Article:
A historic Atlanta church’s “God-size” ambitions to create hundreds of affordable housing options will be set in motion Sunday, according to City of Atlanta officials.
Atlanta Mayor Andre Dickens is scheduled to host a groundbreaking Sunday morning for what’s described as “new faith-based affordable housing development” around Atlanta First United Methodist Church’s 360 Peachtree Street property.
The ceremony will also mark the congregation’s 175th anniversary in Atlanta, according to a city-issued announcement today.
Church leaders first made headlines in 2019 by issuing a Request for Proposals that challenged developers to help them realize a “God-size vision” for creating inclusive housing on 1.8 acres next the gothic-style sanctuary from 1903. Situated between Peachtree and West Peachtree streets, the land in question is currently home to pay parking lots, an unused outbuilding, and an education building, Atlanta UMC leadership has previously said.
Inquiries to church officials about the project’s status this week haven’t been returned.
Earlier this year, paperwork obtained by Urbanize Atlanta indicated the project would be built in phases—and that monthly rents for new apartments would start around $500.
Atlanta UMC’s development task force unanimously approved a joint venture in 2021 with Chicago-based nonprofit developer Evergreen Real Estate Group, citing that company’s track record of mission-driven, community-focused projects in urban environments.
At last check in February, the church and developer were seeking a predevelopment loan of $250,000 from Eastside TAD funding to set the project in motion, according to Invest Atlanta.
The first phase is expected to cost north of $105 million overall.
That would include a 16-story building with 170 apartments—the majority of them reserved as affordable or workforce housing—where West Peachtree Street meets Ivan Allen Jr. Boulevard.
A four-story podium building with 5,000 square feet of retail, a parking garage, and new facilities for Atlanta First Day School and Ansley School would also be included in the phase one mix, per Invest Atlanta documents from early 2022.
Aside from some renovations, the historic sanctuary building would be untouched. The church’s annex, meanwhile, is expected to be rehabbed; it houses the Midtown Assistance Center to help the working poor with food, transportation, rent, and utilities.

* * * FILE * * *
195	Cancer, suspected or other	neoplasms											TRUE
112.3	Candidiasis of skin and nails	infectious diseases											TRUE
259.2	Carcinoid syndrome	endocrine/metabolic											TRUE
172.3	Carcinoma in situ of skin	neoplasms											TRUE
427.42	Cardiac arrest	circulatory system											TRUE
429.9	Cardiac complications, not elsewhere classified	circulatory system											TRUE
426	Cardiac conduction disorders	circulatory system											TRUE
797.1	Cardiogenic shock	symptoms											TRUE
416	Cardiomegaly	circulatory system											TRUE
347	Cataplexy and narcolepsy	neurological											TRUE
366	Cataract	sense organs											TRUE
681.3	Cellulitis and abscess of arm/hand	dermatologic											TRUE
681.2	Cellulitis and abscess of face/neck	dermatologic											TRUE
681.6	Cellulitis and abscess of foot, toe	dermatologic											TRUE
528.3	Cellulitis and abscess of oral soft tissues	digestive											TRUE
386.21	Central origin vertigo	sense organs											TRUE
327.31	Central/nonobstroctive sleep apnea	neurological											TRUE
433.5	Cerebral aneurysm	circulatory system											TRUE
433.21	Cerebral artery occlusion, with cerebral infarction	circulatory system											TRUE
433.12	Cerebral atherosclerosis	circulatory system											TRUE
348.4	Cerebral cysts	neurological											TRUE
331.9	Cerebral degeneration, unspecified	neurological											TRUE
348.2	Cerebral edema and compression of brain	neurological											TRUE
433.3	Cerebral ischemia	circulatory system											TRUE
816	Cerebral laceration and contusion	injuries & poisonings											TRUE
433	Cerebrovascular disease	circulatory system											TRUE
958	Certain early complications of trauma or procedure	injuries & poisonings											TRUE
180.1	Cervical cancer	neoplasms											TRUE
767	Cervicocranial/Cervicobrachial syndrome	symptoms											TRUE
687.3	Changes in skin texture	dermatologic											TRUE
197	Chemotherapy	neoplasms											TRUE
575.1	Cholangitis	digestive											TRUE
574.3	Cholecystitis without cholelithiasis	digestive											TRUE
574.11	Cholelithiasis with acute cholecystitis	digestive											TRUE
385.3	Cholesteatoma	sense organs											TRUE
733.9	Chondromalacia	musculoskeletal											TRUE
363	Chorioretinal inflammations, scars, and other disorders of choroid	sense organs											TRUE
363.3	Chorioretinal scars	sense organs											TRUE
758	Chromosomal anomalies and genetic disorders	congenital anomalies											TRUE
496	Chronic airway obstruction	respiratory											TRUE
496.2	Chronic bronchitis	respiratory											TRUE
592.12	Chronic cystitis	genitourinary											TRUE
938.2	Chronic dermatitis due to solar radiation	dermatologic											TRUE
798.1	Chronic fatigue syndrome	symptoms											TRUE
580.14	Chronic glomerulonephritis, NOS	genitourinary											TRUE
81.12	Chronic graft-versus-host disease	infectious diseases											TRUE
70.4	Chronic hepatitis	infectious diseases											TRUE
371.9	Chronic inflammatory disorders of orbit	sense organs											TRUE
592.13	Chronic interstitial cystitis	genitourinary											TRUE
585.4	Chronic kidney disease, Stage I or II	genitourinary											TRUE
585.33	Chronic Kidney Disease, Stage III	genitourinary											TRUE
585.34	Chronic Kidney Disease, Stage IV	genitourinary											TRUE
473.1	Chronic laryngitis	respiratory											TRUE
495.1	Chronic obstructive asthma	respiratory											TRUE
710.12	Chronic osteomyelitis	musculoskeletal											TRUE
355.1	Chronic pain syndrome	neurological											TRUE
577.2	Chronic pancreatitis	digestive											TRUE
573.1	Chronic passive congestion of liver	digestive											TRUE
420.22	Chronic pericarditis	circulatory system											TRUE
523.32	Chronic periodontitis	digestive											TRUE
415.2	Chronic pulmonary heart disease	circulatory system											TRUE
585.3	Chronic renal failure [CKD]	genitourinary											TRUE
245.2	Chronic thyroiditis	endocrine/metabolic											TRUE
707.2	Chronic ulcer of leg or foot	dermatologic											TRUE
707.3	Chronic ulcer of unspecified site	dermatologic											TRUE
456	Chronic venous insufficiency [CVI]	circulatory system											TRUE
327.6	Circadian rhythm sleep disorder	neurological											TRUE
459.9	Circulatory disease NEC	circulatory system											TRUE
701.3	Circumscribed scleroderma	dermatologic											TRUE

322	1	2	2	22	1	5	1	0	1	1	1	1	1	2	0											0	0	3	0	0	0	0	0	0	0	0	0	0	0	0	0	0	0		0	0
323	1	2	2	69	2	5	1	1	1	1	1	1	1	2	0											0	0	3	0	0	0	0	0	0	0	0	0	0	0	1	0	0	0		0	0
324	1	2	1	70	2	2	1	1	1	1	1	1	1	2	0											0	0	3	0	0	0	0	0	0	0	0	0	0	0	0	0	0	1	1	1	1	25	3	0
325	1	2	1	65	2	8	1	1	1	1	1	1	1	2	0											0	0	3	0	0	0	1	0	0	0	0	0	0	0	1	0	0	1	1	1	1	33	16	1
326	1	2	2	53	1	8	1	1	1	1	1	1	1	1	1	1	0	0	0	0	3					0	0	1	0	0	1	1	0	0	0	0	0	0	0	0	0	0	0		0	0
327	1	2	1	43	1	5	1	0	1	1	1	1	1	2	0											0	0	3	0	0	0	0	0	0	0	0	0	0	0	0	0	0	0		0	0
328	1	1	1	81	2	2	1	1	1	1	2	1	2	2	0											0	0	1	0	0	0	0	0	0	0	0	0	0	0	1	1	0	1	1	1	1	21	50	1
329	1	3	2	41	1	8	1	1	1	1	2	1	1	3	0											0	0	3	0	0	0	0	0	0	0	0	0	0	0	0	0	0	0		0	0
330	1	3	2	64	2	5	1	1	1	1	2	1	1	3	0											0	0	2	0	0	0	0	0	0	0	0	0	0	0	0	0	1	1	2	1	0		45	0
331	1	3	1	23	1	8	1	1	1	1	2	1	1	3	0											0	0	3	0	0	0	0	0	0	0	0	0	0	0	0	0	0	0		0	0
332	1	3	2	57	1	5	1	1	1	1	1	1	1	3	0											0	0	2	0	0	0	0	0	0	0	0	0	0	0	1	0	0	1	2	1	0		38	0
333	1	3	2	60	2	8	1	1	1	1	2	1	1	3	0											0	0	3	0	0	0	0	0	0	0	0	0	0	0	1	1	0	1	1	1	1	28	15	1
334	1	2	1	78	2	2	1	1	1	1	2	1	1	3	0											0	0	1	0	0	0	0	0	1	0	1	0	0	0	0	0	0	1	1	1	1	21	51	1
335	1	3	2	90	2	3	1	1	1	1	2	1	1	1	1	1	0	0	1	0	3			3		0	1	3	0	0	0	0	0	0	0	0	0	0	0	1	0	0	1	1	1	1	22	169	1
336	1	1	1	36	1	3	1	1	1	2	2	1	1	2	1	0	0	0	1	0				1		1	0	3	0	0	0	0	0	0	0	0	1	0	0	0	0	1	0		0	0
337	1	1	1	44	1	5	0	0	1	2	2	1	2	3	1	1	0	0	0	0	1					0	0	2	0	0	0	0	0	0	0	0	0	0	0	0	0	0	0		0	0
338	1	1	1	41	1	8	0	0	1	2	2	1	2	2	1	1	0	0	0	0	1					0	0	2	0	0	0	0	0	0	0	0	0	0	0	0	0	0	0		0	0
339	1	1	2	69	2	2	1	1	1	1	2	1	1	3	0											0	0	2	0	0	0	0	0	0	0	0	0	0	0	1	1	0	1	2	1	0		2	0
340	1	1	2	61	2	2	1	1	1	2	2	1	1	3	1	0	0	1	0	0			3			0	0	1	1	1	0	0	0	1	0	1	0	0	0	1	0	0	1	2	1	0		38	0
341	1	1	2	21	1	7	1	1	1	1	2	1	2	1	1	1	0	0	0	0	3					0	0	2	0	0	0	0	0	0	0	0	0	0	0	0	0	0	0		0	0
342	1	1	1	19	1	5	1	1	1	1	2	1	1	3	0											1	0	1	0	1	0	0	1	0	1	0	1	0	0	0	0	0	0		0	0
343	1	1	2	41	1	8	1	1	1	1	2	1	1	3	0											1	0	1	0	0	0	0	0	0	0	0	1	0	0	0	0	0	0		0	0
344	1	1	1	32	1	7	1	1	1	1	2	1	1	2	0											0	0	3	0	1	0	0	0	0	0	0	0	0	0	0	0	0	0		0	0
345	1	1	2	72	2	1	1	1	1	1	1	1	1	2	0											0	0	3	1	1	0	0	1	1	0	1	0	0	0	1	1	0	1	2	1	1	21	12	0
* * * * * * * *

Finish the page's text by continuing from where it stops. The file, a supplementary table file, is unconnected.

The phase one timeline called for delivering the first round of apartments in 2024.
Renderings also showed a phase-two tower of significant height standing immediately south of the church and phase-one building. The site’s SP1 zoning classification would allow for a tower rising 50 stories or more, as church leaders have previously noted. It’s unclear how many apartments the two-phase project might ultimately entail, or when it all could be built.
According to the project’s phase-one affordable housing forecast, 42 units in the 16-story building would rent for 30 percent of the area’s median income or less.
That means rents would range from $485 for one-bedroom apartments (four of them total), to $582 for two-bedrooms (32 total), and $672 monthly for six three-bedrooms in the plans.
A total of 94 units would rent at 60 percent AMI or below, with rents between $970 and $1,552.
And 24 apartments would rent at market rate, between $2,000 and $2,700 monthly.
Invest Atlanta noted that project benefits would include activating church parking lots that are underutilized most days, while "providing new mixed-income residences with deep levels of affordability.” Building new facilities for a school that will serve homeless kids, and space for shops and eateries in an area that lacks retail, are also bonuses, according to Atlanta’s economic development arm.
Beyond Evergreen Redevelopment, the development team will include Moody Nolan as lead architect and Balfour Beatty and H.J Russell & Company as general contractors. SHAPE and Goode Van Slyke will also assist with architectural designs, per Invest Atlanta.
The ministry, which has operated in different downtown locations since the 1840s, would determine what all of the property is used for in perpetuity, per the earlier agreement.
Atlanta First UMC isn’t expected to spend anything to develop the site, and all marketing costs should be refunded through future profits, officials have noted. No land will be sold—the church will instead lease the ground to developers—and the deal is expected to provide the church “multiple streams of income… for years to come.”
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